If someone invited you to watch a Broadway musical, along with free plane tickets, would you come? What if you were invited to attend the Olympics? How about watching the World Cup?
But what if someone sends you a once-in-a-lifetime guaranteed seat to Heaven’s great feast at the end of time? Would you come?
You must be wondering why I need to ask such questions. You may ask in return, “Who would ever turn down such invitations?” You may also just ask, “Why not?”
And yet my friend, that’s just what I might have done.
Not too long ago, my good friend invited me to attend a celebration meant to be a tribute to a kind old man we both knew. As I had no other plans for the scheduled date, I nodded, saying to myself, “Why not?” We both loved the man, and for all the wonderful things he did; why not celebrate with others whose lives were blessed because of him?
Now I’m not the social kind of person, and I didn’t know most of the people who would come. I also had some struggles in relating to some people whom I felt didn’t like me at all. Still, I thought, “Why not? I’ll do it for the old man, and for my friend.”
The Day of the Celebration
The week passed by and I was weighed down emotionally by struggles in my personal life. When the day of the celebration came, I was really not feeling well; I almost took leave from work. However, I thought that locking myself up in my room all day just wouldn’t do, and I’d just feel worse doing nothing. So, even though I was already late, I got myself ready and went to work.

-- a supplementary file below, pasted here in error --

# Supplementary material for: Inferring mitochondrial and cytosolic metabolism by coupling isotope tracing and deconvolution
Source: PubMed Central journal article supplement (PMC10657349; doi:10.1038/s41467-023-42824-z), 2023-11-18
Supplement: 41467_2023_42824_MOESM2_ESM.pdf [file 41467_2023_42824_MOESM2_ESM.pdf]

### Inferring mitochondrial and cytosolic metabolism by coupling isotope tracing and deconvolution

The afternoon passed by quickly, and after office hours, I got ready to attend the event with my friend. After all, I thought, it would only take a short time.
To my surprise, my friend informed me that the celebration would be held somewhere far away, and we had to take a cab to get there. On our way, the cab driver kept telling us just how much traffic there was on a Friday evening, warning us we may just be wasting our time trying to get through.
We thought about it and how difficult it would be trying to go home later from such a place. But since we were already on our way, we resigned ourselves to whatever difficulties we may encounter.
We went on, braving through the snail-paced traffic, not knowing if we’d make it on time. We were not even sure how we’d find the place, or how we’d manage to go home later.
We just went on, and surely, it was one of those decisions you’d always be glad you’ve made!
Before I continue, I’d like to give you a short background of the event I’m talking about. Our kind old man is a priest who serves as an inspiration for many people, including a foundation that helps provide for education and welfare of the youth. The foundation gathers street children, nourishes them, and supports them in their academic needs.
These same children were the ones who greeted us as soon as we entered the school grounds. They quickly took our hands and placed our hands upon their foreheads along with a bow, a sign of deep respect also called “pagmamano” in Filipino. Such was the first sign of Heaven: angels that greet you with warmth, eagerness, respect and joy!